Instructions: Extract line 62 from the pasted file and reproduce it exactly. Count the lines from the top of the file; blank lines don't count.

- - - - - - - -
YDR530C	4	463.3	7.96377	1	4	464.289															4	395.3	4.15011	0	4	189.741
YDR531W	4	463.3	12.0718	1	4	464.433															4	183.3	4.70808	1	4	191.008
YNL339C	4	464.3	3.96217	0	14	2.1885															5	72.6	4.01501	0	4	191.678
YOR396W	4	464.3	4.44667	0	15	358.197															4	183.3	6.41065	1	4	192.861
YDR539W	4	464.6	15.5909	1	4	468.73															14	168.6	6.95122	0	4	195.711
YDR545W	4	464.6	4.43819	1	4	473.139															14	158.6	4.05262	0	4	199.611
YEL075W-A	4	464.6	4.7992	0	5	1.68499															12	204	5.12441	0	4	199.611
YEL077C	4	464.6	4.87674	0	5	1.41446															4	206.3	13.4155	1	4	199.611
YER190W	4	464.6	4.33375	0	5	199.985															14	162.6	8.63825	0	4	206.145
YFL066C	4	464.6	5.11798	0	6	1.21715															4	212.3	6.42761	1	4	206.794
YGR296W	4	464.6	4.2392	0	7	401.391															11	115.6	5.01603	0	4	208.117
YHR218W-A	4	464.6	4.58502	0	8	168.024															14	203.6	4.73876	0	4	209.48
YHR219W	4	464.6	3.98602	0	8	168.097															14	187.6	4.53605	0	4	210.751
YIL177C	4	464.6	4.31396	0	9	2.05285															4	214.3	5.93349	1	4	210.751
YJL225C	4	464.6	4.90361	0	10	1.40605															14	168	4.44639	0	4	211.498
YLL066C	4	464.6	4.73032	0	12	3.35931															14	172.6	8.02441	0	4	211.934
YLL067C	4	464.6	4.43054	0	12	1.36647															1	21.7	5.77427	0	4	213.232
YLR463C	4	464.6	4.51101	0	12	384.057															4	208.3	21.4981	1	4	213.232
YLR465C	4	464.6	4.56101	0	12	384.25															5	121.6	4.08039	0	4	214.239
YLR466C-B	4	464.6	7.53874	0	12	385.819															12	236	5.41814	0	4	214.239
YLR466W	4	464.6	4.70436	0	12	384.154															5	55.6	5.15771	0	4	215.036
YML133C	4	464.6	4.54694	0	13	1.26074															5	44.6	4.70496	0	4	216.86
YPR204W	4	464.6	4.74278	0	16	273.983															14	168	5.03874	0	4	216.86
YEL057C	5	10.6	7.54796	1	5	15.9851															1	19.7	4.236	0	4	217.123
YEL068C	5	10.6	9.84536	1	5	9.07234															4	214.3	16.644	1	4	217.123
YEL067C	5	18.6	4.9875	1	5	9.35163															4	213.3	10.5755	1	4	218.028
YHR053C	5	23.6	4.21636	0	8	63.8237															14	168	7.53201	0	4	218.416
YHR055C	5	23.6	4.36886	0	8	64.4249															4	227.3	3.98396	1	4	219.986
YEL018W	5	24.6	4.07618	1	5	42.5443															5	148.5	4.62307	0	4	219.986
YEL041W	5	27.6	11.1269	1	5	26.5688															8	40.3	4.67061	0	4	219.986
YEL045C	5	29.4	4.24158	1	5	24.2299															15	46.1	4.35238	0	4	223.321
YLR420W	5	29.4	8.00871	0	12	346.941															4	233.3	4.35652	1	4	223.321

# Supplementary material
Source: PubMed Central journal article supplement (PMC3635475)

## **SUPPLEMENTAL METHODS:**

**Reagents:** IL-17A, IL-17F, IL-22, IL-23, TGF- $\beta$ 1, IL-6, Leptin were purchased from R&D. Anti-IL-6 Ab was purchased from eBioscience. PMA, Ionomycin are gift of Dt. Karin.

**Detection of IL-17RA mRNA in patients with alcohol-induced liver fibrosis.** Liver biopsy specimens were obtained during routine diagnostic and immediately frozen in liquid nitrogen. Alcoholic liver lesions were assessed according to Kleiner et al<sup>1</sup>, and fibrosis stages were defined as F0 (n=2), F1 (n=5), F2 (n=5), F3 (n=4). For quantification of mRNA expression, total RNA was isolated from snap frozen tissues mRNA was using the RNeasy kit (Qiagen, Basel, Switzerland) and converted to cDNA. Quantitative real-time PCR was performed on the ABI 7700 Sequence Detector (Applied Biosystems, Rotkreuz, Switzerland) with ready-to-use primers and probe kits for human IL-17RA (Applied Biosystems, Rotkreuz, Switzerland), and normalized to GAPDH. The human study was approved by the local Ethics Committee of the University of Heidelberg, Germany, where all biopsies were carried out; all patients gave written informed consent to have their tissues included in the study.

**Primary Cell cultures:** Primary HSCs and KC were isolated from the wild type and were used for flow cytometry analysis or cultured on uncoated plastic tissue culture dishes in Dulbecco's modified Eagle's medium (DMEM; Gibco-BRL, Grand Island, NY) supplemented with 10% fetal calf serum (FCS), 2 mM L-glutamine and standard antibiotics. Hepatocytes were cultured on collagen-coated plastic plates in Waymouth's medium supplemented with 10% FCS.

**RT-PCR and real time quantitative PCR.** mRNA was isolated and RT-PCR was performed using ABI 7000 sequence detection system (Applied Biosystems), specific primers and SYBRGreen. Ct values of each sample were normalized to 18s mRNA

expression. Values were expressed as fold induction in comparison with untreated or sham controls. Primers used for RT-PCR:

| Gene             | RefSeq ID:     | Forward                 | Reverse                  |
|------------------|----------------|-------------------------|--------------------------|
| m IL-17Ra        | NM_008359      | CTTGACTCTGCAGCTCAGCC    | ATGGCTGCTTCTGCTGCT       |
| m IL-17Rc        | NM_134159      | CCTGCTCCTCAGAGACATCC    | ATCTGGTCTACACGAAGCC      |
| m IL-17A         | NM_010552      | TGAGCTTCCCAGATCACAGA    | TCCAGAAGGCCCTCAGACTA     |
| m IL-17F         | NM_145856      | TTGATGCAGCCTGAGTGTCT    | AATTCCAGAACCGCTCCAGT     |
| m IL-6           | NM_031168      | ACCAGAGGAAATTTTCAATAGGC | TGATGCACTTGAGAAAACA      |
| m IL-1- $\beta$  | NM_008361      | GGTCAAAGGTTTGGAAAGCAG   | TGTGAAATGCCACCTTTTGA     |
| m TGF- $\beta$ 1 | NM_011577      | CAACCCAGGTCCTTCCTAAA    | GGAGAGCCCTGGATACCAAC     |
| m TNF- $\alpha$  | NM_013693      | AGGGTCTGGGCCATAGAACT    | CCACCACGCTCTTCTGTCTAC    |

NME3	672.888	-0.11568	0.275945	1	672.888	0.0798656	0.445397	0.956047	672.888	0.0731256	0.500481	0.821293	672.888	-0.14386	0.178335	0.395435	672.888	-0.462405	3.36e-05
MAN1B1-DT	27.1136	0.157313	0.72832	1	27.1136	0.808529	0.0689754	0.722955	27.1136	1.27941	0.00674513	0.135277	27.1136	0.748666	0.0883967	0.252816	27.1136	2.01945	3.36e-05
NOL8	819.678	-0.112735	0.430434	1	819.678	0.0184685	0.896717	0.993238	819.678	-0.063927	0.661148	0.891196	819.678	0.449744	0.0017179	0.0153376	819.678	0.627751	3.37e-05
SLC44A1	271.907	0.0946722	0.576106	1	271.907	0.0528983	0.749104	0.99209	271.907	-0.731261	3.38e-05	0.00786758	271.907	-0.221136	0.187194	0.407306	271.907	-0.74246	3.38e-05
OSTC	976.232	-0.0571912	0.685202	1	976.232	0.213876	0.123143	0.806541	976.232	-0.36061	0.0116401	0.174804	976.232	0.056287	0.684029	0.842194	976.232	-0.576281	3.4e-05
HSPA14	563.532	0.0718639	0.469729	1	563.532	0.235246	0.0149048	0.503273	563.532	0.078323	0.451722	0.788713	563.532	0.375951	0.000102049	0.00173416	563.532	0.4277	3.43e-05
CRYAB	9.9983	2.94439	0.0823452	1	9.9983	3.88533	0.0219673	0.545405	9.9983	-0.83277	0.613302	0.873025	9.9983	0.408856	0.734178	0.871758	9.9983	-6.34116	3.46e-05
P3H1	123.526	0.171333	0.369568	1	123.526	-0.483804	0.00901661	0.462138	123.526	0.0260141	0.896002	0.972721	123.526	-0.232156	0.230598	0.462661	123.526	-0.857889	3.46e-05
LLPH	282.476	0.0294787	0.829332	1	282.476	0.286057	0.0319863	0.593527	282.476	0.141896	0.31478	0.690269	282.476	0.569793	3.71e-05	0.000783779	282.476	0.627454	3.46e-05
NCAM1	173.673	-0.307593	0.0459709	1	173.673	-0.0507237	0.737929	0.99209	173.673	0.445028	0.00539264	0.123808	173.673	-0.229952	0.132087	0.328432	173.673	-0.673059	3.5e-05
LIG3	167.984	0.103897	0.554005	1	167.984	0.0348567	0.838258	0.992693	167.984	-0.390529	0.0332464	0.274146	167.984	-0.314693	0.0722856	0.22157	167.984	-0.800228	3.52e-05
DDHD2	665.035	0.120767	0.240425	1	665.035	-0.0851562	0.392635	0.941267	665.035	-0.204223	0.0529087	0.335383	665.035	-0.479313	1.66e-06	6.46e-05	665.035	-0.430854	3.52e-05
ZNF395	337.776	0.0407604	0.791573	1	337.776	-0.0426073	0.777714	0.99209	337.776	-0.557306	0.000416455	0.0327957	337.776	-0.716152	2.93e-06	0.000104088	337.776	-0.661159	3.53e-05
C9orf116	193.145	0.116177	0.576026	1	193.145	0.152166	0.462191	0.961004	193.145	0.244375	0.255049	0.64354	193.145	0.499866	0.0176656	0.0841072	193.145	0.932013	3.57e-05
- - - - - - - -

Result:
DDHD2	665.035	0.120767	0.240425	1	665.035	-0.0851562	0.392635	0.941267	665.035	-0.204223	0.0529087	0.335383	665.035	-0.479313	1.66e-06	6.46e-05	665.035	-0.430854	3.52e-05